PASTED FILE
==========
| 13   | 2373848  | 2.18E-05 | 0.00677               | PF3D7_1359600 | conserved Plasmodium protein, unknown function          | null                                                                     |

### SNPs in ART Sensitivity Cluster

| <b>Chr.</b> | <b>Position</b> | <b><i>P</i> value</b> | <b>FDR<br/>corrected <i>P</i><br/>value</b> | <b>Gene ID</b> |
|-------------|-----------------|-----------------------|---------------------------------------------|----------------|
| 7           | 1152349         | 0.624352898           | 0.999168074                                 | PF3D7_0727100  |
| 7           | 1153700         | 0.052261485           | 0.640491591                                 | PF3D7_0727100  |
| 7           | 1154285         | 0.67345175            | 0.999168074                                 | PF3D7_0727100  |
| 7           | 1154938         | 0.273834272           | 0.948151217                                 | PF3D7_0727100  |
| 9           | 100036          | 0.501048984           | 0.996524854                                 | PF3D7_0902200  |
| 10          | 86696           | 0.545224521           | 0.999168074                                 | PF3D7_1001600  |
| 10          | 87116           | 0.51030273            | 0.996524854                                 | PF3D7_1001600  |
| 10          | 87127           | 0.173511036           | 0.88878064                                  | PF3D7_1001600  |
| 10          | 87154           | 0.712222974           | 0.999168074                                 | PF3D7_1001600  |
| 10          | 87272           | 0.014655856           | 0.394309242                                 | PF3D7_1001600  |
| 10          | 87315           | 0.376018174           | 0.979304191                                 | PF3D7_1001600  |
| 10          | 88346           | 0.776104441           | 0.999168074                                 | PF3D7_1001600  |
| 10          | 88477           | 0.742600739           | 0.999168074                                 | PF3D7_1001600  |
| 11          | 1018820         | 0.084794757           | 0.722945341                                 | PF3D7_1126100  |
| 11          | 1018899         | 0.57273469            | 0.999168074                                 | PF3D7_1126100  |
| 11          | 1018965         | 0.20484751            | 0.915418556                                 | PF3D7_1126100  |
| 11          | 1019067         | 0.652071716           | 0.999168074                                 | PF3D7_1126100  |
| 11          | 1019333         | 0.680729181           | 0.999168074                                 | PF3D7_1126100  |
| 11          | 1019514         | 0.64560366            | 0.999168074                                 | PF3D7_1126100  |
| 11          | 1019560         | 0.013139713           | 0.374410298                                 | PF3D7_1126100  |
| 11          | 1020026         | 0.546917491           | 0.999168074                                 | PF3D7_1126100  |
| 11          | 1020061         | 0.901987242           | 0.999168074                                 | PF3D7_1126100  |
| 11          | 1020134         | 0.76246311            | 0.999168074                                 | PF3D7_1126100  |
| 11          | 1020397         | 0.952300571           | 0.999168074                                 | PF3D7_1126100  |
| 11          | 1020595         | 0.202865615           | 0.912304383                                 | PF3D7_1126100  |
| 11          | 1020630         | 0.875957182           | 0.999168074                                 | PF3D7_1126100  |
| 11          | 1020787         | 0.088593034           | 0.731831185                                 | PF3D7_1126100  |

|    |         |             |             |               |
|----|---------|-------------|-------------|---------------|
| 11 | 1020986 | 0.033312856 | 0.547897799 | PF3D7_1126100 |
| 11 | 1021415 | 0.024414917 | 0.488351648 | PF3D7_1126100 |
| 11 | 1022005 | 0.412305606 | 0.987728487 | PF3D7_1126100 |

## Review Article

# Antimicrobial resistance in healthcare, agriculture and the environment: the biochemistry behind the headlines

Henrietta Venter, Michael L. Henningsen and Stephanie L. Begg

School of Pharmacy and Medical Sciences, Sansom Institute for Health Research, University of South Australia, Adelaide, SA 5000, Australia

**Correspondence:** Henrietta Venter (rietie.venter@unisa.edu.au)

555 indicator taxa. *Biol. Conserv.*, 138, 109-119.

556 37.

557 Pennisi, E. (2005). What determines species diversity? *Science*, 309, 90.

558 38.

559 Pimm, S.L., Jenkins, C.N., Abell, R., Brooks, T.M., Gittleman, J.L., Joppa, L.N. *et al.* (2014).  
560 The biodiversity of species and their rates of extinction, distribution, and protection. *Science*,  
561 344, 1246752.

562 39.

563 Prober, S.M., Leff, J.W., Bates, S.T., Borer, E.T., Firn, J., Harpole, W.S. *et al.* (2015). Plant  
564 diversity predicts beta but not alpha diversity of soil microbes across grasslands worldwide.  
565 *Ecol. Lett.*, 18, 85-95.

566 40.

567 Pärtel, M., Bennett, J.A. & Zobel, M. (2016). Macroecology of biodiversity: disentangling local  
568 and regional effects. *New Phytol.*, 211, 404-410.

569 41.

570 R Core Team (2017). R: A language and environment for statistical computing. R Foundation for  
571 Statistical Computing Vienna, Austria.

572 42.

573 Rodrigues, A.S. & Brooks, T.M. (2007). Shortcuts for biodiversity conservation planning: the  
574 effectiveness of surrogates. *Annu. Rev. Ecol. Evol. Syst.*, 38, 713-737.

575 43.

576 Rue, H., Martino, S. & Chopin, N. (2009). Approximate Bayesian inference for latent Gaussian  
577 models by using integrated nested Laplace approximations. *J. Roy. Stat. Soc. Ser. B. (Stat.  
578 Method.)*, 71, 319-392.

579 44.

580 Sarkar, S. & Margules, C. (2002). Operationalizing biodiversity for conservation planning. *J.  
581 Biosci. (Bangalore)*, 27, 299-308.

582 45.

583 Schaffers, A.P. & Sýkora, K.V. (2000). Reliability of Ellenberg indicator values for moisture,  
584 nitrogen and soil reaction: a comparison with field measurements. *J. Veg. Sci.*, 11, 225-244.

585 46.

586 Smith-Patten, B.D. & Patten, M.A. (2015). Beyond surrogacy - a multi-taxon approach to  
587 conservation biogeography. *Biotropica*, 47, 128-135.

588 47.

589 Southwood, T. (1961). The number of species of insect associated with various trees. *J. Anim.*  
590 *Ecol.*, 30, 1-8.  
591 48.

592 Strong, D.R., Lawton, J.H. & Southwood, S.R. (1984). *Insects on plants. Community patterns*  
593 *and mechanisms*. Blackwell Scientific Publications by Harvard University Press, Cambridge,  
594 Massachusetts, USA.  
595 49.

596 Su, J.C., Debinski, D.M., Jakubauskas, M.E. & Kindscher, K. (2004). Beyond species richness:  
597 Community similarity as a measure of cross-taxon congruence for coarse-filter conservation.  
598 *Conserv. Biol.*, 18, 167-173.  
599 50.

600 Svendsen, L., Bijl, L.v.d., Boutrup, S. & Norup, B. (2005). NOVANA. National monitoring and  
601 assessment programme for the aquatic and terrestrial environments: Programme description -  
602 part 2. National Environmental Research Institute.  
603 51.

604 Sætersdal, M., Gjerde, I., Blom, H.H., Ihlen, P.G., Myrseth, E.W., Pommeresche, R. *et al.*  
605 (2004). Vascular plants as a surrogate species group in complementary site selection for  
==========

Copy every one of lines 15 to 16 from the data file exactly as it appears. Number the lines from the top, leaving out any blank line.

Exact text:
| 10          | 87315           | 0.376018174           | 0.979304191                                 | PF3D7_1001600  |
| 10          | 88346           | 0.776104441           | 0.999168074                                 | PF3D7_1001600  |